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Salt Pond Tee

Harborfront

Salt Pond Tee is a gracious home reminiscent of late 19th century Shingle Style homes that combined shingle-wrapped forms with Classical Revival details. Tucked in between a golf course, a protected salt pond that opens to bay and ocean, and a steep hillside leading up to another house (later purchased by the owner as a guest house and renovated by PSD), the tight site was a challenge. An existing house on the property sat right down on the beach—fun for a vacation house but extremely flood prone. There was also an existing guest house and a detached office. All three buildings were removed and a larger single house was placed up-hill from the beach. Indigenous coastal plantings cover the newly restored bank where the previous building and its parking area sat.

The client asked for street- and pond-facing facades with shuttered windows, giving up the panorama that ganged windows afford in favor of a more traditional Classical Revival influenced Shingle Style. Despite conservation requirements that imposed footprint restrictions, PSD and the owners felt some of the footprint should be devoted to a broad back porch facing the pond. A portion of the porch is screened in. Steps lead from the porch to a large terrace. A gently curving roof defines a slightly projecting wing in the center of which the front entry is placed. At the peak is a whimsical weather vane of a frustrated golfer breaking a club over his knee. PSD took an old club and literally had a model break it over his knee for a photograph on which the ornament is based. The copper incarnation of this moment of frustration is placed where there is a straight shot of visibility (if not golf balls) from one of the tee-offs of the adjacent golf course. Lighter moments are now said to occur at this otherwise challenging spot.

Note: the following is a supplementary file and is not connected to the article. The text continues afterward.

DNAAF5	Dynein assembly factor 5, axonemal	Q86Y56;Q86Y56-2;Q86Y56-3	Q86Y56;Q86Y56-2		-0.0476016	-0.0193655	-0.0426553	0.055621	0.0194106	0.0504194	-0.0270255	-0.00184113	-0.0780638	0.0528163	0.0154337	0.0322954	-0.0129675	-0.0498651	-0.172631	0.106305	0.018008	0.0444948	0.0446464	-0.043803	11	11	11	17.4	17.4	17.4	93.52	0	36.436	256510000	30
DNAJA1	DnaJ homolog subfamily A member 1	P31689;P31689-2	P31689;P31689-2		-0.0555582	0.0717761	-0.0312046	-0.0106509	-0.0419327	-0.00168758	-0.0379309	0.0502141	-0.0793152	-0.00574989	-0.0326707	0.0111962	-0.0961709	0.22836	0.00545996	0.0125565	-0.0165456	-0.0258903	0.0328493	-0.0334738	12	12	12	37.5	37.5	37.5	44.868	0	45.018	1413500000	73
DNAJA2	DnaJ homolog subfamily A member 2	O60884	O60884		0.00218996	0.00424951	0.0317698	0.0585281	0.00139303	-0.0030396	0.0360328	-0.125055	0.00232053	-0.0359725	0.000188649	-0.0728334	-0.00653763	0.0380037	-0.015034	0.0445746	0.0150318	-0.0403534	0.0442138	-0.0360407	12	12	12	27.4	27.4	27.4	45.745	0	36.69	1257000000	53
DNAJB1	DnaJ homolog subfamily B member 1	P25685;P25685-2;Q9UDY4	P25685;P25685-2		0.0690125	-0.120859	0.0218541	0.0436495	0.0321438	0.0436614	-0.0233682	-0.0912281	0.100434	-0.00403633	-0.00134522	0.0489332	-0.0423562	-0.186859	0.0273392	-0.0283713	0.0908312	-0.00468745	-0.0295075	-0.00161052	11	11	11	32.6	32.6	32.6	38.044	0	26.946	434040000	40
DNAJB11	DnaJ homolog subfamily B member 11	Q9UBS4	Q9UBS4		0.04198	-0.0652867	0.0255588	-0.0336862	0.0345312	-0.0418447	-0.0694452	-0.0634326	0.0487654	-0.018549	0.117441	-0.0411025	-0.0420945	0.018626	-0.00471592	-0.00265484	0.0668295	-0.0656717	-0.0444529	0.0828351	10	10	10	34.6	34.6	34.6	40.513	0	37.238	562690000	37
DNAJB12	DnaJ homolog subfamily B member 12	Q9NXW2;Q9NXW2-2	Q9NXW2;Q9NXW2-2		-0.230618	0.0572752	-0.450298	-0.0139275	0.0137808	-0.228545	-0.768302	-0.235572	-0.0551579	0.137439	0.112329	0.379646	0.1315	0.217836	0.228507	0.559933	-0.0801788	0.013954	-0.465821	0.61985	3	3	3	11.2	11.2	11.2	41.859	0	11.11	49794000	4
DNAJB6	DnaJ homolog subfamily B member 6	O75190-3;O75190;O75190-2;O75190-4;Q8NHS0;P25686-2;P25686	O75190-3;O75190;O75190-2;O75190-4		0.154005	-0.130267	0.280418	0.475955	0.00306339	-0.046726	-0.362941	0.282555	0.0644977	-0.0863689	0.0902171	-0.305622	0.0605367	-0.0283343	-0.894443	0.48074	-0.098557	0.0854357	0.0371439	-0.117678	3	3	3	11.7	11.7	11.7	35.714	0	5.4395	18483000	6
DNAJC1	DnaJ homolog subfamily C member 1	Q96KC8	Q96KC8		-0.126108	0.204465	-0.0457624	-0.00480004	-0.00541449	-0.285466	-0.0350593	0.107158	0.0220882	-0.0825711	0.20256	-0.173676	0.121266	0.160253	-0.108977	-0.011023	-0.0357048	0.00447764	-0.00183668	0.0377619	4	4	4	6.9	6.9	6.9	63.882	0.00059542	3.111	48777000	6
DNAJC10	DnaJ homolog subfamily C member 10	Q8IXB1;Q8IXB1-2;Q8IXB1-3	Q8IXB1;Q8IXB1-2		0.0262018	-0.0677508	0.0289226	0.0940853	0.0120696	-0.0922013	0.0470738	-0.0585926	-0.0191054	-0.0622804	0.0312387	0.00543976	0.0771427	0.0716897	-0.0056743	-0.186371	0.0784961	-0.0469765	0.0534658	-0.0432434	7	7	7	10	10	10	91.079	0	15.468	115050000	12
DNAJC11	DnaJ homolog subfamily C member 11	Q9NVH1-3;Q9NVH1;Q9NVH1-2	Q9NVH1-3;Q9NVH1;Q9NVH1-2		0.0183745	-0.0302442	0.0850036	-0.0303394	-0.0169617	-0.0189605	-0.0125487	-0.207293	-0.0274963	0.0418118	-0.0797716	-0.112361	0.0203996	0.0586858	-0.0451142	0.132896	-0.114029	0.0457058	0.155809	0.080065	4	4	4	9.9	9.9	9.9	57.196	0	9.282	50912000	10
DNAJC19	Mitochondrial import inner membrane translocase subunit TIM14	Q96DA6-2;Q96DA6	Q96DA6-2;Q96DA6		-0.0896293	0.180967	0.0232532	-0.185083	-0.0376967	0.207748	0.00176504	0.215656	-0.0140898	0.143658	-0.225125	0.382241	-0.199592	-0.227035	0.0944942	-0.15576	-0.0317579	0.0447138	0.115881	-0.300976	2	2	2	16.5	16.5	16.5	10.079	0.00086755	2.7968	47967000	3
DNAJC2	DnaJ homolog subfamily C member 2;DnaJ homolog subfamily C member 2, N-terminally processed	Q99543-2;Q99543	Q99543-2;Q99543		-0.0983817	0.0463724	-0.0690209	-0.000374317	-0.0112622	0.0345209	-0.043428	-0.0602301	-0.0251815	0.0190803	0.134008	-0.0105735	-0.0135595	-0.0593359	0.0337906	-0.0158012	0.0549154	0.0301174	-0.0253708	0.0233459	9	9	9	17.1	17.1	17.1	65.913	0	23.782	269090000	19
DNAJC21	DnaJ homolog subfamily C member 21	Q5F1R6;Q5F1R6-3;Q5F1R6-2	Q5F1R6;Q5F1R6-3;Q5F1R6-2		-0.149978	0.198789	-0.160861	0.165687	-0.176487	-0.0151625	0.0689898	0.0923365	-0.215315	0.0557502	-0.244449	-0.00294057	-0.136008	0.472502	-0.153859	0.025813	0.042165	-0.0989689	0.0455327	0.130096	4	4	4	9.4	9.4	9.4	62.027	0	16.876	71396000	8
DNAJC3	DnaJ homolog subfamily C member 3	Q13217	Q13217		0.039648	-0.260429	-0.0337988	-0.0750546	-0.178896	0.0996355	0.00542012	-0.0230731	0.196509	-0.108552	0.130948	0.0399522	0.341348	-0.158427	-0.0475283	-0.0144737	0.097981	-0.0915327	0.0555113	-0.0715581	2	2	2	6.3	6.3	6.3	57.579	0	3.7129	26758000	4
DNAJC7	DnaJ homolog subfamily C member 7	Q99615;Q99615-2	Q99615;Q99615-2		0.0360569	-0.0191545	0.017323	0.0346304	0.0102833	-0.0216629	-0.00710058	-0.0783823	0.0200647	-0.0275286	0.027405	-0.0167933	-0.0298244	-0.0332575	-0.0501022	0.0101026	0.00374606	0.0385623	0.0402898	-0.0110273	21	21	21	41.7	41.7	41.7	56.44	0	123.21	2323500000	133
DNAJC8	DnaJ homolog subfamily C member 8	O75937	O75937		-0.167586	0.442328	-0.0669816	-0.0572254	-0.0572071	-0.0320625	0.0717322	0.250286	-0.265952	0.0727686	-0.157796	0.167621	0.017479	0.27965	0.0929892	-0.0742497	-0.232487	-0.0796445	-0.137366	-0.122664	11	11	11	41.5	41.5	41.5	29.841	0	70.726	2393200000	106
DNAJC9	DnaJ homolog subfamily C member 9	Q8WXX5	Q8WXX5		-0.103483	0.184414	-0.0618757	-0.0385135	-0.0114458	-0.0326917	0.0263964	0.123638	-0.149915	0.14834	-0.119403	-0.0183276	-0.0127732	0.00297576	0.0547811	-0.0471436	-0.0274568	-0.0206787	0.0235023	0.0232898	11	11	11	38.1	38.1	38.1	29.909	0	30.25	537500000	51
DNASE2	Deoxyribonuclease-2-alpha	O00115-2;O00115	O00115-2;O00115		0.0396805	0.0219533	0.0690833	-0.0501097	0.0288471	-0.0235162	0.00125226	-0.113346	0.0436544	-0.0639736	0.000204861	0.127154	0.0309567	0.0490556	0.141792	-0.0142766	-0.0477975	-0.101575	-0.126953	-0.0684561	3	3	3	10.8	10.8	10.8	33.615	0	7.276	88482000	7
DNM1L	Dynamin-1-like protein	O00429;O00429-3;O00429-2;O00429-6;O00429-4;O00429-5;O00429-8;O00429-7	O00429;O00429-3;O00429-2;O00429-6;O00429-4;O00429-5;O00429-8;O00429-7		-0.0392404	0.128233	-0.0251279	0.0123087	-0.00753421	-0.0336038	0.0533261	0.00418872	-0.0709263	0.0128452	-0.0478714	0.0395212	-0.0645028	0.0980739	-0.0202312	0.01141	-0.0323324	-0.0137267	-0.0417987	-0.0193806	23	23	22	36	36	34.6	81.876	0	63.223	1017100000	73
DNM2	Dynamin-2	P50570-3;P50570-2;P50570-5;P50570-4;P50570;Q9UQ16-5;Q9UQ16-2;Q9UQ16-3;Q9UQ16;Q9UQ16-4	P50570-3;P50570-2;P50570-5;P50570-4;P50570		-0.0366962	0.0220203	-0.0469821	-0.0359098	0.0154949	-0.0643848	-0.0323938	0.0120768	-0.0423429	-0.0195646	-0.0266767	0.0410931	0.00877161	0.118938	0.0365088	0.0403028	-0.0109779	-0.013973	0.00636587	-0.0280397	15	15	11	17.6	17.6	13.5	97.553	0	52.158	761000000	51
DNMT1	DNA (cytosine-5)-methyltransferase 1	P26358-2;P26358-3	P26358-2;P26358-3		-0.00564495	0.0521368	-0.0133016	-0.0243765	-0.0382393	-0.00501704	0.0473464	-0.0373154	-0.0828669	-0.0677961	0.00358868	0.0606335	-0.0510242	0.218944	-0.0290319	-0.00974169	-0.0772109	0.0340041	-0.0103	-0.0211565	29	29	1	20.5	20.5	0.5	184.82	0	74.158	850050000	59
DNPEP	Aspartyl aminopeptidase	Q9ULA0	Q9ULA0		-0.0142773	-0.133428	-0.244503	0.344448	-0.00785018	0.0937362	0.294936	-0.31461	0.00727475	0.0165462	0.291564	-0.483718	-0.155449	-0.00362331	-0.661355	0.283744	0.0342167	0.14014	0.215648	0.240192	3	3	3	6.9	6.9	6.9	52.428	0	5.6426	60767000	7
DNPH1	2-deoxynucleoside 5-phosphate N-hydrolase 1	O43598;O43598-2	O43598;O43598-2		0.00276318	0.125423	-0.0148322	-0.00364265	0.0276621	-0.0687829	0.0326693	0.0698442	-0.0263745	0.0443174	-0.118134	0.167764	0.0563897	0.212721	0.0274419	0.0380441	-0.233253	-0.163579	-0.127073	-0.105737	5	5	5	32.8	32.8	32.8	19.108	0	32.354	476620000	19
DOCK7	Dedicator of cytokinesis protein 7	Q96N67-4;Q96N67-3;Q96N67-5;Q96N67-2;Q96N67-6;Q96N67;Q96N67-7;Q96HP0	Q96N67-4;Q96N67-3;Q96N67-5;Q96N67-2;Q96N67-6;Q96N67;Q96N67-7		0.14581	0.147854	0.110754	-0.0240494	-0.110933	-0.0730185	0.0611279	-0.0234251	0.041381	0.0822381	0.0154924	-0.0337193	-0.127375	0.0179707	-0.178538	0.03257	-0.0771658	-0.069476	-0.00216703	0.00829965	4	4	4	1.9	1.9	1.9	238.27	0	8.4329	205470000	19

The floor plan is organized around the view. All of the living spaces and most of the bedrooms face the pond. Service, circulation and bath spaces, except for the master bath, are grouped together at the street side of the house. There is a view through the house and out to the pond from the front door. Even the basement game room has a view. The living spaces are open to one another, but defined by ceiling shapes, columns, and cased openings. This provides the best of both worlds—enough openness for casual, social living, and enough enclosure for some of the character of traditional rooms.